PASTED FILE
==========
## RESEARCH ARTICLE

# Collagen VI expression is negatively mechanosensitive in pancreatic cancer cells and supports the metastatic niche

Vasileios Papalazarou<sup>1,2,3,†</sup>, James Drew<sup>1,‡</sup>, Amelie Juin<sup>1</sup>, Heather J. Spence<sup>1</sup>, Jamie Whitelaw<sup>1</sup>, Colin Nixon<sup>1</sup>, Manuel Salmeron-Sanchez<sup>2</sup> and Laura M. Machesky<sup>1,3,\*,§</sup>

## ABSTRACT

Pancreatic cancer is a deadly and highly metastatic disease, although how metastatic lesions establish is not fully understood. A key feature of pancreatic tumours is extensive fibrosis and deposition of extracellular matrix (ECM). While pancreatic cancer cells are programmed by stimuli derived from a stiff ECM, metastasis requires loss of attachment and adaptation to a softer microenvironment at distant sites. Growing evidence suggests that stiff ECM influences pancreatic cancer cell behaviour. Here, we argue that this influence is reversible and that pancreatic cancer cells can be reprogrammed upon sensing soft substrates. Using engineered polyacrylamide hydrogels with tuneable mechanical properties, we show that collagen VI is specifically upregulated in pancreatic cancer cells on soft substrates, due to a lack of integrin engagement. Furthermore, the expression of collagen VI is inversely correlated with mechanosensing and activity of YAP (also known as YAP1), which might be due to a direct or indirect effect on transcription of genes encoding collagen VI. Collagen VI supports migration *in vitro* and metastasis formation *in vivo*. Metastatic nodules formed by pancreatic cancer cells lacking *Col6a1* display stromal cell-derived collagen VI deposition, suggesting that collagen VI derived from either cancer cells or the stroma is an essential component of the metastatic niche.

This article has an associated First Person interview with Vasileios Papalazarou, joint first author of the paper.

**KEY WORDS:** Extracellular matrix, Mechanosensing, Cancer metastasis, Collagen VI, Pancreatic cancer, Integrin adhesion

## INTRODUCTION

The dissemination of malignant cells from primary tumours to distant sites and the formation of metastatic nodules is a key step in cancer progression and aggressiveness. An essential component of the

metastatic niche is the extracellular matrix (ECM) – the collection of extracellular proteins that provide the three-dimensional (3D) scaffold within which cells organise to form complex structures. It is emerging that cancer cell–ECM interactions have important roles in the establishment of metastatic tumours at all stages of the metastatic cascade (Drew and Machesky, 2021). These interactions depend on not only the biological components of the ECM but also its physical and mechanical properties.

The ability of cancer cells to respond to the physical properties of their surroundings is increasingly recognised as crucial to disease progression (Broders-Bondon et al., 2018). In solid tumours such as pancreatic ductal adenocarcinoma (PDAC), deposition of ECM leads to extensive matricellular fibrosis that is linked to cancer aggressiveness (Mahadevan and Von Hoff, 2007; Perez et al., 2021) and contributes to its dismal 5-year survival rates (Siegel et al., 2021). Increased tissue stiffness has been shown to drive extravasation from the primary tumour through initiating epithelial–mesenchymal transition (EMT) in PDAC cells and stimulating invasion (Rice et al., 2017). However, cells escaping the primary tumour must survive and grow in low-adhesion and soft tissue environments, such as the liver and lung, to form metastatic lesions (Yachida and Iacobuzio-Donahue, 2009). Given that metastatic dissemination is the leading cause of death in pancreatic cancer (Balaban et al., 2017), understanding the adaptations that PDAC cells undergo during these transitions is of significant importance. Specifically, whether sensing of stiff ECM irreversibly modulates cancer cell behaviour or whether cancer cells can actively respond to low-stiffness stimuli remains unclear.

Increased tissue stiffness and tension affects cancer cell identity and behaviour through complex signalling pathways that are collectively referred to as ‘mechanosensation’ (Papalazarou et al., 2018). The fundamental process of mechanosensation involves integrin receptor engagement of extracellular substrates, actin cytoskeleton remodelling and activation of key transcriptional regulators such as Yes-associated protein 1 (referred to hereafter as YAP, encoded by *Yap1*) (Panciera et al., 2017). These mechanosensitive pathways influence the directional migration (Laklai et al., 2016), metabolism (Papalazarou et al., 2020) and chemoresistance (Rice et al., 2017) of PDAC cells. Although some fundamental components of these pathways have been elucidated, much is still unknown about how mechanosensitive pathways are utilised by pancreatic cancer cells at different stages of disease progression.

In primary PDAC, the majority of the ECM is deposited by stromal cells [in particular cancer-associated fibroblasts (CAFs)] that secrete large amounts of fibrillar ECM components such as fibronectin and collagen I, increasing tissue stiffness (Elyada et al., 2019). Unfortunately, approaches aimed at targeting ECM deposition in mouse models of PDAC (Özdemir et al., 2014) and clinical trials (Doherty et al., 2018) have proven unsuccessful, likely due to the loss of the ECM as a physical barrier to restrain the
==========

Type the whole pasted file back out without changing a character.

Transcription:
## RESEARCH ARTICLE

# Collagen VI expression is negatively mechanosensitive in pancreatic cancer cells and supports the metastatic niche

Vasileios Papalazarou<sup>1,2,3,†</sup>, James Drew<sup>1,‡</sup>, Amelie Juin<sup>1</sup>, Heather J. Spence<sup>1</sup>, Jamie Whitelaw<sup>1</sup>, Colin Nixon<sup>1</sup>, Manuel Salmeron-Sanchez<sup>2</sup> and Laura M. Machesky<sup>1,3,\*,§</sup>

## ABSTRACT

Pancreatic cancer is a deadly and highly metastatic disease, although how metastatic lesions establish is not fully understood. A key feature of pancreatic tumours is extensive fibrosis and deposition of extracellular matrix (ECM). While pancreatic cancer cells are programmed by stimuli derived from a stiff ECM, metastasis requires loss of attachment and adaptation to a softer microenvironment at distant sites. Growing evidence suggests that stiff ECM influences pancreatic cancer cell behaviour. Here, we argue that this influence is reversible and that pancreatic cancer cells can be reprogrammed upon sensing soft substrates. Using engineered polyacrylamide hydrogels with tuneable mechanical properties, we show that collagen VI is specifically upregulated in pancreatic cancer cells on soft substrates, due to a lack of integrin engagement. Furthermore, the expression of collagen VI is inversely correlated with mechanosensing and activity of YAP (also known as YAP1), which might be due to a direct or indirect effect on transcription of genes encoding collagen VI. Collagen VI supports migration *in vitro* and metastasis formation *in vivo*. Metastatic nodules formed by pancreatic cancer cells lacking *Col6a1* display stromal cell-derived collagen VI deposition, suggesting that collagen VI derived from either cancer cells or the stroma is an essential component of the metastatic niche.

This article has an associated First Person interview with Vasileios Papalazarou, joint first author of the paper.

**KEY WORDS:** Extracellular matrix, Mechanosensing, Cancer metastasis, Collagen VI, Pancreatic cancer, Integrin adhesion

## INTRODUCTION

The dissemination of malignant cells from primary tumours to distant sites and the formation of metastatic nodules is a key step in cancer progression and aggressiveness. An essential component of the

metastatic niche is the extracellular matrix (ECM) – the collection of extracellular proteins that provide the three-dimensional (3D) scaffold within which cells organise to form complex structures. It is emerging that cancer cell–ECM interactions have important roles in the establishment of metastatic tumours at all stages of the metastatic cascade (Drew and Machesky, 2021). These interactions depend on not only the biological components of the ECM but also its physical and mechanical properties.

The ability of cancer cells to respond to the physical properties of their surroundings is increasingly recognised as crucial to disease progression (Broders-Bondon et al., 2018). In solid tumours such as pancreatic ductal adenocarcinoma (PDAC), deposition of ECM leads to extensive matricellular fibrosis that is linked to cancer aggressiveness (Mahadevan and Von Hoff, 2007; Perez et al., 2021) and contributes to its dismal 5-year survival rates (Siegel et al., 2021). Increased tissue stiffness has been shown to drive extravasation from the primary tumour through initiating epithelial–mesenchymal transition (EMT) in PDAC cells and stimulating invasion (Rice et al., 2017). However, cells escaping the primary tumour must survive and grow in low-adhesion and soft tissue environments, such as the liver and lung, to form metastatic lesions (Yachida and Iacobuzio-Donahue, 2009). Given that metastatic dissemination is the leading cause of death in pancreatic cancer (Balaban et al., 2017), understanding the adaptations that PDAC cells undergo during these transitions is of significant importance. Specifically, whether sensing of stiff ECM irreversibly modulates cancer cell behaviour or whether cancer cells can actively respond to low-stiffness stimuli remains unclear.

Increased tissue stiffness and tension affects cancer cell identity and behaviour through complex signalling pathways that are collectively referred to as ‘mechanosensation’ (Papalazarou et al., 2018). The fundamental process of mechanosensation involves integrin receptor engagement of extracellular substrates, actin cytoskeleton remodelling and activation of key transcriptional regulators such as Yes-associated protein 1 (referred to hereafter as YAP, encoded by *Yap1*) (Panciera et al., 2017). These mechanosensitive pathways influence the directional migration (Laklai et al., 2016), metabolism (Papalazarou et al., 2020) and chemoresistance (Rice et al., 2017) of PDAC cells. Although some fundamental components of these pathways have been elucidated, much is still unknown about how mechanosensitive pathways are utilised by pancreatic cancer cells at different stages of disease progression.

In primary PDAC, the majority of the ECM is deposited by stromal cells [in particular cancer-associated fibroblasts (CAFs)] that secrete large amounts of fibrillar ECM components such as fibronectin and collagen I, increasing tissue stiffness (Elyada et al., 2019). Unfortunately, approaches aimed at targeting ECM deposition in mouse models of PDAC (Özdemir et al., 2014) and clinical trials (Doherty et al., 2018) have proven unsuccessful, likely due to the loss of the ECM as a physical barrier to restrain the